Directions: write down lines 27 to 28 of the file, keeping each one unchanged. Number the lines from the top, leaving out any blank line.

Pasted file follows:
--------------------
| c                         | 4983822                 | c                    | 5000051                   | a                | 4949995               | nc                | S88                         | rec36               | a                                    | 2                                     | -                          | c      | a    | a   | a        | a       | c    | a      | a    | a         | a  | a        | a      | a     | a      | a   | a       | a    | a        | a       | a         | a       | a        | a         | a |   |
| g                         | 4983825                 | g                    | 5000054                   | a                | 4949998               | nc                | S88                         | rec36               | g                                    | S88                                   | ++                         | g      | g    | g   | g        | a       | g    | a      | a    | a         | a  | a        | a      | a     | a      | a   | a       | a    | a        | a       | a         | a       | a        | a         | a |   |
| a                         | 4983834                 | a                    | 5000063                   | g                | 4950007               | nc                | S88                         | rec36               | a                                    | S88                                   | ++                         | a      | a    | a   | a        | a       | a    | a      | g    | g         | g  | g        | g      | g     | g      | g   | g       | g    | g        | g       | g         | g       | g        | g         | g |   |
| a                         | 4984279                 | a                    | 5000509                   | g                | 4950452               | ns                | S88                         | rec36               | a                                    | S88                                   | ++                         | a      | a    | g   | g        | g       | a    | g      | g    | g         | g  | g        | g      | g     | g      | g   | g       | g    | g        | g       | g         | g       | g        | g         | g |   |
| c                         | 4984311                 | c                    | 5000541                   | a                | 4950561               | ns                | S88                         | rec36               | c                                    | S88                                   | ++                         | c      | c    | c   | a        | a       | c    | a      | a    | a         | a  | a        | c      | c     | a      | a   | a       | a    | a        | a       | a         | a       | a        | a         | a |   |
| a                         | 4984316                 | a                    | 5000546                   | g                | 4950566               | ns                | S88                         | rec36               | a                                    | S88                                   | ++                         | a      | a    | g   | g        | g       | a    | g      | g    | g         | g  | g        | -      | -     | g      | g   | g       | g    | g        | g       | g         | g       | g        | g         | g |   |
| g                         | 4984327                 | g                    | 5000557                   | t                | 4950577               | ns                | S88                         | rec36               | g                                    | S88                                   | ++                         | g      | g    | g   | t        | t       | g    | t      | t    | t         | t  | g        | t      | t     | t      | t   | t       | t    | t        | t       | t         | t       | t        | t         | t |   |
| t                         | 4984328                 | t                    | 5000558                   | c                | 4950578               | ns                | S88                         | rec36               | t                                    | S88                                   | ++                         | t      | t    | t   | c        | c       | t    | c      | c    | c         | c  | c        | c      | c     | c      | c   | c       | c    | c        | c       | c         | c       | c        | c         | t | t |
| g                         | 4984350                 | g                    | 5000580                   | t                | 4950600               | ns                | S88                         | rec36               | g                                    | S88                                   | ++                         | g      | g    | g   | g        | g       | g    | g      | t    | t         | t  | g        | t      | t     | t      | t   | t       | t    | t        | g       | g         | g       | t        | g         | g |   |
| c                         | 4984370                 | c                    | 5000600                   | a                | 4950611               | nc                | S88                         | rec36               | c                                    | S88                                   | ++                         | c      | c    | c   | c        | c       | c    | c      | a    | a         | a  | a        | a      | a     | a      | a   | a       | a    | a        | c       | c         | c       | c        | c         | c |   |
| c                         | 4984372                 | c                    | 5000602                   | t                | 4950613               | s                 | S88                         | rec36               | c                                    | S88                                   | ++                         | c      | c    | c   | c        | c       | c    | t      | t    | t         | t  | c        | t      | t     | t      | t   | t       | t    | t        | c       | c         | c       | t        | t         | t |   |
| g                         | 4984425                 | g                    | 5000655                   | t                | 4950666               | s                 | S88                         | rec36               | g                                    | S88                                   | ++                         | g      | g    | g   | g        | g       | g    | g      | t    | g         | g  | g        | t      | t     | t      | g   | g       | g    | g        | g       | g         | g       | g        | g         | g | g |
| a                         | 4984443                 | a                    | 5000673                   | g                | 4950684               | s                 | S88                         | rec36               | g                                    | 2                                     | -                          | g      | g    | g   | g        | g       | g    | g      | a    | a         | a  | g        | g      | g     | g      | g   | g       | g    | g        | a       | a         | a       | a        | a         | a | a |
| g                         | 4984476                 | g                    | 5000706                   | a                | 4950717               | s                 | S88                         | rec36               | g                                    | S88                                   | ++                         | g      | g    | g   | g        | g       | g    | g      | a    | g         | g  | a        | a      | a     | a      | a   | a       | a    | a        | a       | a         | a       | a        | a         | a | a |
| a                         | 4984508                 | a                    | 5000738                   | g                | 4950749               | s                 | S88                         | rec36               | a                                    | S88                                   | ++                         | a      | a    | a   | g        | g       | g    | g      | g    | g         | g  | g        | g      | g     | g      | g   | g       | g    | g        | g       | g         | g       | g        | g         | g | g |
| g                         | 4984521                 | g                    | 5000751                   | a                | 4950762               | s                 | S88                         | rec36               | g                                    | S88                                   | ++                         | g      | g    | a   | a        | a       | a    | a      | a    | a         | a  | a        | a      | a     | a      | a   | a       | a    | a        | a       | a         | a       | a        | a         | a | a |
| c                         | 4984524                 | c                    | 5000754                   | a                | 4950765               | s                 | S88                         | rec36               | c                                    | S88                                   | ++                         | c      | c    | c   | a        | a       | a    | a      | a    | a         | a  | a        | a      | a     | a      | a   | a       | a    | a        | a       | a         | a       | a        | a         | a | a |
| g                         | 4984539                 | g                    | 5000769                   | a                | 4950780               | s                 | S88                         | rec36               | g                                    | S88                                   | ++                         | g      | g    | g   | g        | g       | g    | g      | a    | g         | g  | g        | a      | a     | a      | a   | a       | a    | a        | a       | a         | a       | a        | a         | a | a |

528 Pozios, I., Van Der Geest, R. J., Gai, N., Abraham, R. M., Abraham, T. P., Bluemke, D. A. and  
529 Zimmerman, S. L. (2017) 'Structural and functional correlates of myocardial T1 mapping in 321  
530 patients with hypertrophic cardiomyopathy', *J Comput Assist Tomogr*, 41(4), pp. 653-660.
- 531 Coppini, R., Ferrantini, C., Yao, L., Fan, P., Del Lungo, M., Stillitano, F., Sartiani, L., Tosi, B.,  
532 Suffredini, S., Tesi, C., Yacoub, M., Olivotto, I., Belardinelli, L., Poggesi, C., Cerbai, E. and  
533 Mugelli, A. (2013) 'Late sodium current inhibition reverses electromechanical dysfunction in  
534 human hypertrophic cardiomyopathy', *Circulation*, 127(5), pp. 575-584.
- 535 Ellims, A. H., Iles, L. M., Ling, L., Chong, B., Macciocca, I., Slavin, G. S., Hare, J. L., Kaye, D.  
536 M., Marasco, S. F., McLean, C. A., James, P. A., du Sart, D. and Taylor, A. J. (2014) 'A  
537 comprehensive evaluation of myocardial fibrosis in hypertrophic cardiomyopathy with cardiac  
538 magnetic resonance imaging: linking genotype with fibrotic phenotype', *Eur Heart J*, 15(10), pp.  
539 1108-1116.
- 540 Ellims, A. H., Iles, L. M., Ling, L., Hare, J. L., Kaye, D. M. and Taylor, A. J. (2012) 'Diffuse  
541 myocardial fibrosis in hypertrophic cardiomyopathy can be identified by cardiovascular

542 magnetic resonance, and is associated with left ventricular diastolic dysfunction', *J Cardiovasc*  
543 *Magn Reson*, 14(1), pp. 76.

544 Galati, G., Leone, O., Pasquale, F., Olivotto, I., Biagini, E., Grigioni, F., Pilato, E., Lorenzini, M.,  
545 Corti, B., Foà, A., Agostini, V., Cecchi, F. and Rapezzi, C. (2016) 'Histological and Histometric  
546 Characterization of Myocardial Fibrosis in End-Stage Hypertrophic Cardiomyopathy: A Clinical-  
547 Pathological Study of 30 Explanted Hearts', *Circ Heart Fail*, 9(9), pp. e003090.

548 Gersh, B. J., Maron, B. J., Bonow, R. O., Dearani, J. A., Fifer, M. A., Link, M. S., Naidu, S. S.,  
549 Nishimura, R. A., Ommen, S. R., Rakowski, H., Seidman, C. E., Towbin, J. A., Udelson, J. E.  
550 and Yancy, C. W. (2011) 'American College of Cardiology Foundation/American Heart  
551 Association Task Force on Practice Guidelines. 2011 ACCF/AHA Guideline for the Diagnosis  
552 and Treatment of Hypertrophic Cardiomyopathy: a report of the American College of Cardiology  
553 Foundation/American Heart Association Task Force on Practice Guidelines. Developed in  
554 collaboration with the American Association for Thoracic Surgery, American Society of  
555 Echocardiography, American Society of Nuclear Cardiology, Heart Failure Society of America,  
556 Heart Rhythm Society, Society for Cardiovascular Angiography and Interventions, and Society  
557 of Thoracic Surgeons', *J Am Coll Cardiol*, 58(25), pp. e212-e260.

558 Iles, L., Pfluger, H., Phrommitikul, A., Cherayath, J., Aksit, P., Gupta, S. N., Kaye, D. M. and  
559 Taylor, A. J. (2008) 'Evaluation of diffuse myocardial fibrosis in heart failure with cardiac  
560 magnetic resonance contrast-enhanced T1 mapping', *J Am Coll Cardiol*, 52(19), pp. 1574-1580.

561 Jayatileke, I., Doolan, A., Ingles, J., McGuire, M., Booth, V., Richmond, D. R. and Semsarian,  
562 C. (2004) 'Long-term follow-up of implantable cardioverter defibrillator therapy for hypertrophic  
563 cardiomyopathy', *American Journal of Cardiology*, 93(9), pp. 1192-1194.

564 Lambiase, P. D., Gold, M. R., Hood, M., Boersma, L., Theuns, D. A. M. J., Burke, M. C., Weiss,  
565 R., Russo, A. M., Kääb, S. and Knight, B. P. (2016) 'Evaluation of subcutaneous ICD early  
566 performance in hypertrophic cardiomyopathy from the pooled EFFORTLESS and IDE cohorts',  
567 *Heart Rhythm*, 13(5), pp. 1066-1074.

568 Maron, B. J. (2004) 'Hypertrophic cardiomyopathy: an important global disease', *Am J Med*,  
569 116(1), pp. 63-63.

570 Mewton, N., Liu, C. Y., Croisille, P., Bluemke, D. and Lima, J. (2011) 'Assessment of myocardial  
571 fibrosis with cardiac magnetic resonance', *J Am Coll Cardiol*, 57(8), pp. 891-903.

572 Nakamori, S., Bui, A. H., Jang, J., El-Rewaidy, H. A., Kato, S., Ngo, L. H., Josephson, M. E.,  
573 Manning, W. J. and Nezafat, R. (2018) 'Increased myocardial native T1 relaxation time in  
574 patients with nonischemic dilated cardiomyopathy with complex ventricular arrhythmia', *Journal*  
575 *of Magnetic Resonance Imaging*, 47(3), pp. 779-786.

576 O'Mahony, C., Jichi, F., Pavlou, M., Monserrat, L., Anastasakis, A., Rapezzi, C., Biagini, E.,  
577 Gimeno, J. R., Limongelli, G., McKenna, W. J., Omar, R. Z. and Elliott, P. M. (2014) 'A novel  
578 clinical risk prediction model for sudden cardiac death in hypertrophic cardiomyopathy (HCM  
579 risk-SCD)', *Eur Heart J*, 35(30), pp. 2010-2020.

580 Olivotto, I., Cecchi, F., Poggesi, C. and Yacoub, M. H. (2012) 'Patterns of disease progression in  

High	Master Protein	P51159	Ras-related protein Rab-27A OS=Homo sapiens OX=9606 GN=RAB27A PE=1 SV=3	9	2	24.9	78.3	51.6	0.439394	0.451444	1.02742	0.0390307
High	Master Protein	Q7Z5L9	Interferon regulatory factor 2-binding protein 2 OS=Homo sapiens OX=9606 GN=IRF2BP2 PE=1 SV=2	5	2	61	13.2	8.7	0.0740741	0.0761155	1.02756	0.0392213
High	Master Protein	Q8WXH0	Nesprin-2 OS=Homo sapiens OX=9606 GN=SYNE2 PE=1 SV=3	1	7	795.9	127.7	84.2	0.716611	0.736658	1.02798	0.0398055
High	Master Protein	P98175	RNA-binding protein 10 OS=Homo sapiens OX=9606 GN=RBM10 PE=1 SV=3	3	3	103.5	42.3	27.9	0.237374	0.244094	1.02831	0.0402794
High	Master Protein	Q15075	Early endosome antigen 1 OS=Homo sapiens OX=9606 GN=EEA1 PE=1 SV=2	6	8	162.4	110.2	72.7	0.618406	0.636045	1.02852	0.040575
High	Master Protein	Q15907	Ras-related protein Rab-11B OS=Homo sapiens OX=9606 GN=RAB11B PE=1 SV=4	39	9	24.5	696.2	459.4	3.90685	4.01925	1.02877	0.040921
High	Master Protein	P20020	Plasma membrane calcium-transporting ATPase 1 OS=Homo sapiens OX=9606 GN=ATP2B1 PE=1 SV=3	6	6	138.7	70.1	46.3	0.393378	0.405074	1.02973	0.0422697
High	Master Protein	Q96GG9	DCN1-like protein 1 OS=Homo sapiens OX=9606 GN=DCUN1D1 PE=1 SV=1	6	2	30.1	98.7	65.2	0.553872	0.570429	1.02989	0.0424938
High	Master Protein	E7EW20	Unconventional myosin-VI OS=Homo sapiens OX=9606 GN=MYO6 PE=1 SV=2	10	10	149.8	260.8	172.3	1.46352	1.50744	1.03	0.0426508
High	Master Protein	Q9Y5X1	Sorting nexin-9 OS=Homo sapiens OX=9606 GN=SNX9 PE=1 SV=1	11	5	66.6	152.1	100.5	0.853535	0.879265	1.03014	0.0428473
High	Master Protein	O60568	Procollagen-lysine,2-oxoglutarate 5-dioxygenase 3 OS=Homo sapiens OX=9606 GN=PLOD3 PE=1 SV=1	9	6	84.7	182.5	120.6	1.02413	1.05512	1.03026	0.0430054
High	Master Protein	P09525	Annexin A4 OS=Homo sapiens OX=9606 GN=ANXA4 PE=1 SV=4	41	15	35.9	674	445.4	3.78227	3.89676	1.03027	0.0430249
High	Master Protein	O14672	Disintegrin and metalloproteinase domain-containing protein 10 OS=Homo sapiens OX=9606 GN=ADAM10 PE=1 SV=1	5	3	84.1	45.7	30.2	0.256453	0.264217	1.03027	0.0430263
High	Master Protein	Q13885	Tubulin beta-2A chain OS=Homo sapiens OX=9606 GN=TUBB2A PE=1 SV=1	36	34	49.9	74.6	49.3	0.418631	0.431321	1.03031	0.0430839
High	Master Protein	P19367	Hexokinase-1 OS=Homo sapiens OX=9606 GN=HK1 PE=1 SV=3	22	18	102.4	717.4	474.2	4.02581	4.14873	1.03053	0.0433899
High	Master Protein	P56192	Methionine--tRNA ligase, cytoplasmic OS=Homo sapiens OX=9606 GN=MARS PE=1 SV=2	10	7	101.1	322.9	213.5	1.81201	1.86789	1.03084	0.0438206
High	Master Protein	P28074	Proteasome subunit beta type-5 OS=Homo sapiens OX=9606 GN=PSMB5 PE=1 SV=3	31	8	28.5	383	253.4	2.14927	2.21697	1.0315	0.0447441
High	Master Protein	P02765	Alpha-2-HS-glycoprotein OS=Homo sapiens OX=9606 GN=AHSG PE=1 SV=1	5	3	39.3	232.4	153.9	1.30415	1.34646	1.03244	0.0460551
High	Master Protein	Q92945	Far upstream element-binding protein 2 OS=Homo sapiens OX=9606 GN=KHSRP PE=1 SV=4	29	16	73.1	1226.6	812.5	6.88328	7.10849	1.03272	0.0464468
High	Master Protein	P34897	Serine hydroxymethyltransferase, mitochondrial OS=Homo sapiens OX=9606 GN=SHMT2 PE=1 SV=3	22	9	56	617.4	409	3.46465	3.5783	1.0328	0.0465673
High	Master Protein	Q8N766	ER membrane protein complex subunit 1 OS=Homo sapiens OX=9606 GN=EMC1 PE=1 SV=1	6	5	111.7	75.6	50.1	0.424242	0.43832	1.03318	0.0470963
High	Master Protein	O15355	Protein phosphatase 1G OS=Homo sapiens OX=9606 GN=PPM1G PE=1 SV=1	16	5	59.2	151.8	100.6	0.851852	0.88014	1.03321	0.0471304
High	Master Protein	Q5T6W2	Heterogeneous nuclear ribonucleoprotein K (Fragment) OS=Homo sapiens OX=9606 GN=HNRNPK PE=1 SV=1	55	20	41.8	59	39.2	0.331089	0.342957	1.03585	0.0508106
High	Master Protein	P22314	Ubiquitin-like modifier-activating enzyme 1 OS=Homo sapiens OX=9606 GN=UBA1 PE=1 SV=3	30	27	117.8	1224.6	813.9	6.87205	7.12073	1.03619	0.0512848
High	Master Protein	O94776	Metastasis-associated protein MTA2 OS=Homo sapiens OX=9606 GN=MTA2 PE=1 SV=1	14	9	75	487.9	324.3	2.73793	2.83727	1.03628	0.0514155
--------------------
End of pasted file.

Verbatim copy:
536 M., Marasco, S. F., McLean, C. A., James, P. A., du Sart, D. and Taylor, A. J. (2014) 'A  
537 comprehensive evaluation of myocardial fibrosis in hypertrophic cardiomyopathy with cardiac  